Yet, for thinking this and for having the audacity to share this assumption publicly, cosy centrists like Hunter and Small have written us off as tinfoil hat wearing, bampot conspiracy theorists. In fact, anyone who has aired their “paranoid” suspicions regarding state interference in the independence movement has been gaslighted; we’ve been forced to question our own sanity and rationality in the face of those – even inside the movement – who consider themselves the enlightened moral guardians and sensible heads. The very thought of secret government agents messing with our heads on social media screams to them of delusional paranoia.
At first, when the penny dropped for Mhairi Hunter the other day that this is what’s going on, we conspiracists felt vindicated. “We told you so,” we said. But then a profound depression set in. It dawned on me – and no doubt a few others – that we are being led to independence by a political party the leadership of which may be entirely innocent of the strategies and tactics of the regime it hopes to dismantle. The SNP, as we all like to say, is the vehicle that will get us to independence, but if Mhairi Hunter’s opinion of lunatics like me is representative of the party hierarchy – then this is a vehicle with a designated driver without a driving licence. It doesn’t even appear to know the rules of the road to independence, a route that leads us to conflict with the British state. Whichever way we look at it, this is a most depressing thought.
I didn't actually realise the 77th Brigade was real.—
Mhairi Hunter (@MhairiHunter) April 07, 2019
It really shouldn’t come as a surprise that we are being spied on by the state. When Jim Sillars said in mid-2014 he was aware of the arrival in Glasgow of British Army intelligence officers from London, we had every reason to trust him. Even if he was lying it would have been the truth regardless; if military intelligence wasn’t watching us and actively working to undermine our campaign, it wouldn’t be doing its job. That is the job of the secret services. The United Kingdom was the first modern state to set up a police Special Branch – in 1883 – with the express purpose of keeping close tabs on domestic threats to the security of the realm. We know from government records from the time that John Mclean, the Scottish socialist and independence supporter, was under state secret police surveillance from 1914 until his death in 1923. In 2010 a former Strathclyde Police officer, Donald Morrison, alleged that the lawyer, SNP activist, and anti-nuclear campaigner, Willie McRae, was the subject of Special Branch and MI5 surveillance, and said he was willing to sign an affidavit saying they were involved in his murder.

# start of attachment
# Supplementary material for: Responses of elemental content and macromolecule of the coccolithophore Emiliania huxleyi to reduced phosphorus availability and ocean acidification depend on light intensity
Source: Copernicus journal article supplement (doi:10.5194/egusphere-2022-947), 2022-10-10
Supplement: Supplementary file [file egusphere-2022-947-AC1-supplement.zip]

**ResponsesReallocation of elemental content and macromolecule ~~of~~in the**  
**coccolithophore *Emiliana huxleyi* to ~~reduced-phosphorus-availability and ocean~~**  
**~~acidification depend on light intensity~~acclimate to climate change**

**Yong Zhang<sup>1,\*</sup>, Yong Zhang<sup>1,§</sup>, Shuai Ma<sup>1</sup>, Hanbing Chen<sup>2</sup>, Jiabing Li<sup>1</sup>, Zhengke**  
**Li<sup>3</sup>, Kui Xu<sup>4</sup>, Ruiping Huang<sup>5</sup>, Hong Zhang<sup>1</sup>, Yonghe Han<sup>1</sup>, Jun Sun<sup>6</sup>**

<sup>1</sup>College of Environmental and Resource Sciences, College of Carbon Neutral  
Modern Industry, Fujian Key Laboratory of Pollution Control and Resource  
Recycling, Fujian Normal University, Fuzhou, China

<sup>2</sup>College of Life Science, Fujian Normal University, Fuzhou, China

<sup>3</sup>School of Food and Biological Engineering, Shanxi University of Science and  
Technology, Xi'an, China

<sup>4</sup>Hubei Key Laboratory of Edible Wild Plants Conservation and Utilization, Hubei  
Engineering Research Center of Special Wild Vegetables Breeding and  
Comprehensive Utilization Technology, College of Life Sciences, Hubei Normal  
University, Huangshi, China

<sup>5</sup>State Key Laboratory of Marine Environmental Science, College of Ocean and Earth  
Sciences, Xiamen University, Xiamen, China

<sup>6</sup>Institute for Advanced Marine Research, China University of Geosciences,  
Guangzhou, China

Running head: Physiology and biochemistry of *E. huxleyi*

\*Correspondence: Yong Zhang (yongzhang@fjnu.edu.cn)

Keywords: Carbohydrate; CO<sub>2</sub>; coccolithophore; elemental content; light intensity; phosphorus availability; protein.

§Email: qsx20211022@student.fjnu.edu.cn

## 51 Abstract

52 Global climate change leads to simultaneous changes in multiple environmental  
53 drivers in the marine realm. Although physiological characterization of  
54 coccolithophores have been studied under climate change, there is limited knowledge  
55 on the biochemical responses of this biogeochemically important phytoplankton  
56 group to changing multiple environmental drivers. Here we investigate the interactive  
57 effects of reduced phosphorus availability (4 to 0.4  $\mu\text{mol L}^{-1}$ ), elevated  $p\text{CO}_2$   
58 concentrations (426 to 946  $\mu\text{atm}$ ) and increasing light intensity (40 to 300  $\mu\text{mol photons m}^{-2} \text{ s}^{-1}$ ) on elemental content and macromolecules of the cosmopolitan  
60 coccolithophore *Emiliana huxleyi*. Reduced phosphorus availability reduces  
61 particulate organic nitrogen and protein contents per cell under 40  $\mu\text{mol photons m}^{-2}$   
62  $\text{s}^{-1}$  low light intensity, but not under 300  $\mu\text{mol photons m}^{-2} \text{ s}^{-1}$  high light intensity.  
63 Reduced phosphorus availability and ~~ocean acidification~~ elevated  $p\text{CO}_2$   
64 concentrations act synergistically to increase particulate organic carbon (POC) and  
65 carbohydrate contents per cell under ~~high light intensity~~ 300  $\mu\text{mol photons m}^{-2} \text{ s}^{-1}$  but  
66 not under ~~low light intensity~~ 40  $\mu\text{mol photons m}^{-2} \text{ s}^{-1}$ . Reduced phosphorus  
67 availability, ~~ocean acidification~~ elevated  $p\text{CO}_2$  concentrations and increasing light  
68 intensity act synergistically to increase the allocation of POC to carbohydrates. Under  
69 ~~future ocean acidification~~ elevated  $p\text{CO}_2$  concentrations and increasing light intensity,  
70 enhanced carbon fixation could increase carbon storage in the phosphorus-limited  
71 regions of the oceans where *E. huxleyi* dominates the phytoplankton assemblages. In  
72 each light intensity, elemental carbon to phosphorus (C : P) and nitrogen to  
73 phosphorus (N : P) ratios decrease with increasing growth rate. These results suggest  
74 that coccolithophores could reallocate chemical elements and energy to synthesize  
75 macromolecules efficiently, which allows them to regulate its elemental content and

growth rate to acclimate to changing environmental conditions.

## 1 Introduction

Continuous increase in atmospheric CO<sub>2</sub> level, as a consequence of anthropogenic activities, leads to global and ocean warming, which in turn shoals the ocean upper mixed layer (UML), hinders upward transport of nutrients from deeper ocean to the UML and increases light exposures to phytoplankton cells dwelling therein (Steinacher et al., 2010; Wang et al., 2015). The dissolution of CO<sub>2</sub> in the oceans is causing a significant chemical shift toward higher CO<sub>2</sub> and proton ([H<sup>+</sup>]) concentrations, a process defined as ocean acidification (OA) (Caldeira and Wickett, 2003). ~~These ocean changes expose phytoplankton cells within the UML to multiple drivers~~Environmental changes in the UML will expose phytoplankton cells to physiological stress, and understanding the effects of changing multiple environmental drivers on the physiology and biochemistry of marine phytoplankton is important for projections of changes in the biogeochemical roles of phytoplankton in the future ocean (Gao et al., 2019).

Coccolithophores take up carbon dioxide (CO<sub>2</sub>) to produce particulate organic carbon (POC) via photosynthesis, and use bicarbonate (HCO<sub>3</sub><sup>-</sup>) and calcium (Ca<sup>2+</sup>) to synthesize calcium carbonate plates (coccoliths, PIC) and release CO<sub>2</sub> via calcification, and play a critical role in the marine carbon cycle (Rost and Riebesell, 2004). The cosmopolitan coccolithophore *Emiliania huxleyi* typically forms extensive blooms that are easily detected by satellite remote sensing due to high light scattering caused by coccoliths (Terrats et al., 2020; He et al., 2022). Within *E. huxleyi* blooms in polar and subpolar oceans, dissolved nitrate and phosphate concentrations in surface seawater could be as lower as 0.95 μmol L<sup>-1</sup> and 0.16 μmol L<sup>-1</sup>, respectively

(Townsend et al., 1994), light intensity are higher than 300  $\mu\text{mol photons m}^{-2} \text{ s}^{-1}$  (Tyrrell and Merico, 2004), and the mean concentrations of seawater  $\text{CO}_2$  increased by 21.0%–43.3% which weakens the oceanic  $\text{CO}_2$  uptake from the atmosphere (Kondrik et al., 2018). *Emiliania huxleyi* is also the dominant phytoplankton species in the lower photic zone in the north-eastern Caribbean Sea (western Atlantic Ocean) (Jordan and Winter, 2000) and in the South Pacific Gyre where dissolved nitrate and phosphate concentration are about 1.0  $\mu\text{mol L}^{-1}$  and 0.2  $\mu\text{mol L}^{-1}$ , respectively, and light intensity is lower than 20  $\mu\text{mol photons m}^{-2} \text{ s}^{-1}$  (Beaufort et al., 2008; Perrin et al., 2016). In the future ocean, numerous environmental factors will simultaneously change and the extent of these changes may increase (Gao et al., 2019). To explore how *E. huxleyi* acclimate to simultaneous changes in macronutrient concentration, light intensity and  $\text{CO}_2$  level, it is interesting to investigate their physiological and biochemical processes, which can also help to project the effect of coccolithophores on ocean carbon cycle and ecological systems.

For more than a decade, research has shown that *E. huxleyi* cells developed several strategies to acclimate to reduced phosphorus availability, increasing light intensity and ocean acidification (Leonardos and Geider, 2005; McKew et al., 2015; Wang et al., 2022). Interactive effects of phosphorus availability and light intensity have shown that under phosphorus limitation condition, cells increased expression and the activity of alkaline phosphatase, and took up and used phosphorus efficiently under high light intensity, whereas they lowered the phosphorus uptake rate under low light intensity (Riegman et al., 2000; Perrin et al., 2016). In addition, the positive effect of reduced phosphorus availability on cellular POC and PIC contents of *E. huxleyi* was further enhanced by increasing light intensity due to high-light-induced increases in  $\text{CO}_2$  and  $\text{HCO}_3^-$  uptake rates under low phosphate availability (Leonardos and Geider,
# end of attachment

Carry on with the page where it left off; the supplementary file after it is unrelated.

Since 2012, the Scottish National Party and the independence movement have come closer to defeating the British state than either Mclean or McRae ever did. Are we to imagine, then, that the British state has somehow changed tack, that it has decided to cut us some slack – that it is not surveilling and manipulating us?! Give me a break!